Delaware's major-party requirement for judges on top state courts won’t be enforced under consent decree
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A Delaware constitutional provision that effectively requires judges on its top state courts to be Republicans or Democrats won’t be enforced as a result of a consent decree reached between the governor and a litigant.
In a consent judgment, Democratic Delaware Gov. John Carney agreed that the requirement in Delaware’s state constitution violates the U.S. Constitution’s First Amendment.
But the consent decree did not disturb another requirement for political balance on the state’s top three courts.
U.S. District Judge Maryellen Noreika of the District of Delaware signed the consent judgment Jan. 30.
The governor in Delaware selects judges from a list provided by a judicial nominating commission and submits his choices to the Delaware Senate.
Under the Delaware Constitution’s political-balance provision, no more than a bare majority of seats on the state supreme court and its superior court can be members of any one political party. Nor can a bare majority of seats belong to any one political party for those two courts combined with the chancery court.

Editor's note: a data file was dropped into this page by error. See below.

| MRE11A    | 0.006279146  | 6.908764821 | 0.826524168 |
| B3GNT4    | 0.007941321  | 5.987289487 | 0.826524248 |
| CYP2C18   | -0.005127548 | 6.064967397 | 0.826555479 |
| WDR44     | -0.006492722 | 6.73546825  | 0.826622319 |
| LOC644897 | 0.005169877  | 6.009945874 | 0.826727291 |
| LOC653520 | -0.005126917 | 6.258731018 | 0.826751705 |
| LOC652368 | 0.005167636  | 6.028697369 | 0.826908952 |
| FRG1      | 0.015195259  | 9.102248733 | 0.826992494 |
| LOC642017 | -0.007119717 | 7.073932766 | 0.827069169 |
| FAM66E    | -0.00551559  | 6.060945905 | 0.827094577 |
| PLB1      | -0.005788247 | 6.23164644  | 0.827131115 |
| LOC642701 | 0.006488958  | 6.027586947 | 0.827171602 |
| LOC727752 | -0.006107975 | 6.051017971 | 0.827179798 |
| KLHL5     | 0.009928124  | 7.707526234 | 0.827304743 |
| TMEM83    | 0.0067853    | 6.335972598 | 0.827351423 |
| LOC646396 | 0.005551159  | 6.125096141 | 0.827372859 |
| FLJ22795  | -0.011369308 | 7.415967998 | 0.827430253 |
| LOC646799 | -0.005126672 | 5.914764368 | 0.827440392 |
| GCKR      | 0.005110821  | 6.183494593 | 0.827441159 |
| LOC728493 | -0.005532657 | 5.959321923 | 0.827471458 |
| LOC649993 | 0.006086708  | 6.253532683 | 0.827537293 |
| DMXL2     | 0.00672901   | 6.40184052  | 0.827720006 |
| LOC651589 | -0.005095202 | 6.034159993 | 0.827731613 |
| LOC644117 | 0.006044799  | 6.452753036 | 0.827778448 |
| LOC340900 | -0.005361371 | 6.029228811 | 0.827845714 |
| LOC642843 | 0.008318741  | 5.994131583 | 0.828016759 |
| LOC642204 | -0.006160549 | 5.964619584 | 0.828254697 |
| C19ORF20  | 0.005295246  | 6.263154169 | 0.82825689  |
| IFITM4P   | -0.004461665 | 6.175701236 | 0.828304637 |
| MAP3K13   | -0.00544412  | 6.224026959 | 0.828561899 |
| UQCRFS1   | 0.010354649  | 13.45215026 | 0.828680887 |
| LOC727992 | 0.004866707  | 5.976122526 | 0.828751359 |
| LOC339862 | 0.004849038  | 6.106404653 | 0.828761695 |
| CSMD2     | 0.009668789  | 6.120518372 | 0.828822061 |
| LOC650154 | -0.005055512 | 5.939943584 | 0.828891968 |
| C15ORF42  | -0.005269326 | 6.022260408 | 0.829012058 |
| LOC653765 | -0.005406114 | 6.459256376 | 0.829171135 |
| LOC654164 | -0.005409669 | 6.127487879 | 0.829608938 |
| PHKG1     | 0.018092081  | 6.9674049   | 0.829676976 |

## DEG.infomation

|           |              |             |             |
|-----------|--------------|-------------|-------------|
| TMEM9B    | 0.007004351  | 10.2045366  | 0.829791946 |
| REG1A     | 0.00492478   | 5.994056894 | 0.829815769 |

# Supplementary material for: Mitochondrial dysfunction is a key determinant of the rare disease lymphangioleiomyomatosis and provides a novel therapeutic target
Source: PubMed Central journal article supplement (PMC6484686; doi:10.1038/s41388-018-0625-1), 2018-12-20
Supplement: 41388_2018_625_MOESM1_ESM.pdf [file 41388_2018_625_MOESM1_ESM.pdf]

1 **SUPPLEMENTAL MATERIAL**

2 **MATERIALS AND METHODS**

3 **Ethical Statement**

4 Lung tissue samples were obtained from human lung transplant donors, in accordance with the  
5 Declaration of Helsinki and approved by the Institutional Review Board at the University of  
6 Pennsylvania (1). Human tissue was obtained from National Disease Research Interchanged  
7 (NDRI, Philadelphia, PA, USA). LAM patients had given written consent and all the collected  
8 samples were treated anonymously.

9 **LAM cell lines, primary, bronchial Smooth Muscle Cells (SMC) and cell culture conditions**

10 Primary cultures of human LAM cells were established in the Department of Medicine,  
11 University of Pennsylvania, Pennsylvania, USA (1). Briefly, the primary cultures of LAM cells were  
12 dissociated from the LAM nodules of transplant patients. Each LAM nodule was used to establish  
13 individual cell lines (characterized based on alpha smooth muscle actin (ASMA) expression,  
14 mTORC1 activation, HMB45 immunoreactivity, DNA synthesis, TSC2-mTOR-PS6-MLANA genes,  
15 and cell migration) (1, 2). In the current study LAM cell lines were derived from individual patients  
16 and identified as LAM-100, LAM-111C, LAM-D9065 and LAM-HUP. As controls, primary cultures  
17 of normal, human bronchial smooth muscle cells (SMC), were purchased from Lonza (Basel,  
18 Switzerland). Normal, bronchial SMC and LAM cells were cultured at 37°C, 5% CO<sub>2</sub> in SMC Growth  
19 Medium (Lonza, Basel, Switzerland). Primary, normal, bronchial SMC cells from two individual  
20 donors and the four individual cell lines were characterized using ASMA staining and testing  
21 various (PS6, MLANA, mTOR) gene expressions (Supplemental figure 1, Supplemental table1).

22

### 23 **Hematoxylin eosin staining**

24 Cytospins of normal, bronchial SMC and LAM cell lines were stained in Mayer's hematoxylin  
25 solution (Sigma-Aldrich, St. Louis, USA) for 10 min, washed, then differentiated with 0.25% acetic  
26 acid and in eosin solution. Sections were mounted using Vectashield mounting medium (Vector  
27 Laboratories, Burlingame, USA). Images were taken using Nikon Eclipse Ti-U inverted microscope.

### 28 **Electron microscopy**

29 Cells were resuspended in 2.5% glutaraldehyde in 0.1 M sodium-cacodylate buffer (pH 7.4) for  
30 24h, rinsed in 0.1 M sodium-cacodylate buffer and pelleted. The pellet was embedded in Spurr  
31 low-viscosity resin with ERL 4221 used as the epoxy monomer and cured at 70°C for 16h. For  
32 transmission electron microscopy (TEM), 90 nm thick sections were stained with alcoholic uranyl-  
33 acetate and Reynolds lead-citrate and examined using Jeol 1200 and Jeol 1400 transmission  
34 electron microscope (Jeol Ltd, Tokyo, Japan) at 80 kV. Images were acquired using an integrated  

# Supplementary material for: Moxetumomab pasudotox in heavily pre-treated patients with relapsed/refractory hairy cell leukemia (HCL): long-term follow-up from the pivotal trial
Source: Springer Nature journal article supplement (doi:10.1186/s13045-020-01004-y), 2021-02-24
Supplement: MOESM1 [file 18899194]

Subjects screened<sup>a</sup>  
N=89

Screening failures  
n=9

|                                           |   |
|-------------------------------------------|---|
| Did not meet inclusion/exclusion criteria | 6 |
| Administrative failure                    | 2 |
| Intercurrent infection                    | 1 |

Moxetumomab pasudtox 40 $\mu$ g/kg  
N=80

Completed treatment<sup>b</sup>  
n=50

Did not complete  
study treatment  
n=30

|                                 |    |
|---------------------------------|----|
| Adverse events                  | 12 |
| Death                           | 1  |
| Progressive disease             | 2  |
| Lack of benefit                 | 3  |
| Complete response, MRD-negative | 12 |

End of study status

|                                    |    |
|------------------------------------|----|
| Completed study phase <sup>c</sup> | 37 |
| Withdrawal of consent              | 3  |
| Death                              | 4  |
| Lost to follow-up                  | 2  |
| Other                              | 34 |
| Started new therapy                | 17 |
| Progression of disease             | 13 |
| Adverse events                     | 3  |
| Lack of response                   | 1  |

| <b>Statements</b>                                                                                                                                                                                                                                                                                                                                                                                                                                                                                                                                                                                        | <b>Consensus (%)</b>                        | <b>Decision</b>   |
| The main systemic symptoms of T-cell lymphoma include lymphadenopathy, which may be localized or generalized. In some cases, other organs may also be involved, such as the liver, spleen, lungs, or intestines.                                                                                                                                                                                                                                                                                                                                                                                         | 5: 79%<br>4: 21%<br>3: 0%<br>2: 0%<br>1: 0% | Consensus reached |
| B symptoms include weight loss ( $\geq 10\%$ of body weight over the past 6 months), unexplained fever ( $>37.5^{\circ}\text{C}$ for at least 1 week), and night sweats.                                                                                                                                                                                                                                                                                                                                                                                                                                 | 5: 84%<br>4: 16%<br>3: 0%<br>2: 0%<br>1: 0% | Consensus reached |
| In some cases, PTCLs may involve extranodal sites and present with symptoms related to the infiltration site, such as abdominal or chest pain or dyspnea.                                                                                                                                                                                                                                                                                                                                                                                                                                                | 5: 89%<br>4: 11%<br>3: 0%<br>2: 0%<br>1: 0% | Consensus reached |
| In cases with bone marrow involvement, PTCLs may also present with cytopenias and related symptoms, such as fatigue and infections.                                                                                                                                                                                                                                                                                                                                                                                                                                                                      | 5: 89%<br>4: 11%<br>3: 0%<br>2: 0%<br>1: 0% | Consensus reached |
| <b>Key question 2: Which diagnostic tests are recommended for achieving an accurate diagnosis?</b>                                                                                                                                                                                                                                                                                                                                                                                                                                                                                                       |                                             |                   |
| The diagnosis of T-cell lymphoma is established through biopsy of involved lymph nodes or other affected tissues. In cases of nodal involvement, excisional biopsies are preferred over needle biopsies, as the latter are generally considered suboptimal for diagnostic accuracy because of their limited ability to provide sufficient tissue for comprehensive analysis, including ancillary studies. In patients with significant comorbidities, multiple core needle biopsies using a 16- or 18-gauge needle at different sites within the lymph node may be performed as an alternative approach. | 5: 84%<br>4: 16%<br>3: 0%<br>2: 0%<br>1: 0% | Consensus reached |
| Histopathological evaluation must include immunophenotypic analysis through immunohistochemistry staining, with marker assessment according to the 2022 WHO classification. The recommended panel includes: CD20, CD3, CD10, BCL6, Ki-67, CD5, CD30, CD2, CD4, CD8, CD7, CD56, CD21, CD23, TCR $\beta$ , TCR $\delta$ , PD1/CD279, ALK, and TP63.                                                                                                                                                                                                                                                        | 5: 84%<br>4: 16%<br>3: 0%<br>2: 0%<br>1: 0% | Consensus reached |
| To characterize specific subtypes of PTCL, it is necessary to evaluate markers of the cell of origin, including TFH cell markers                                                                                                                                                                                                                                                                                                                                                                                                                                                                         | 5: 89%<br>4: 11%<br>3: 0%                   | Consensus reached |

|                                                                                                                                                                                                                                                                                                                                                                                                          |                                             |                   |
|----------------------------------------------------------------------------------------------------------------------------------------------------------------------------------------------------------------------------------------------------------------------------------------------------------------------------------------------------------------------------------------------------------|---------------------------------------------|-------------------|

The Constitution’s major-party provision provides that, on those three courts, the remaining judges must belong to “the other major political party,” which limited judgeships to Republicans or Democrats.
Litigant James R. Adams, an independent, initially challenged the major-party requirement and the political-balance requirement.
The U.S. Supreme Court had ruled in December 2020 that Adams didn’t have standing to challenge either requirement because he didn’t show that he was “able and ready” to apply for a judgeship. Adams then applied for five Delaware judgeships and filed a new case challenging only the major-party requirement, according to Law.com.
David Finger, a lawyer for Adams, told the AP that he was pleased by the decision. He surmised that Carney wanted to keep the bare-majority requirement “to appear to the relevant constituencies like he won something.”
A spokeswoman for Carney told the AP in an email that keeping the bare-majority provision “will help ensure that Delaware’s courts continue to be recognized as the preeminent court system in the country.”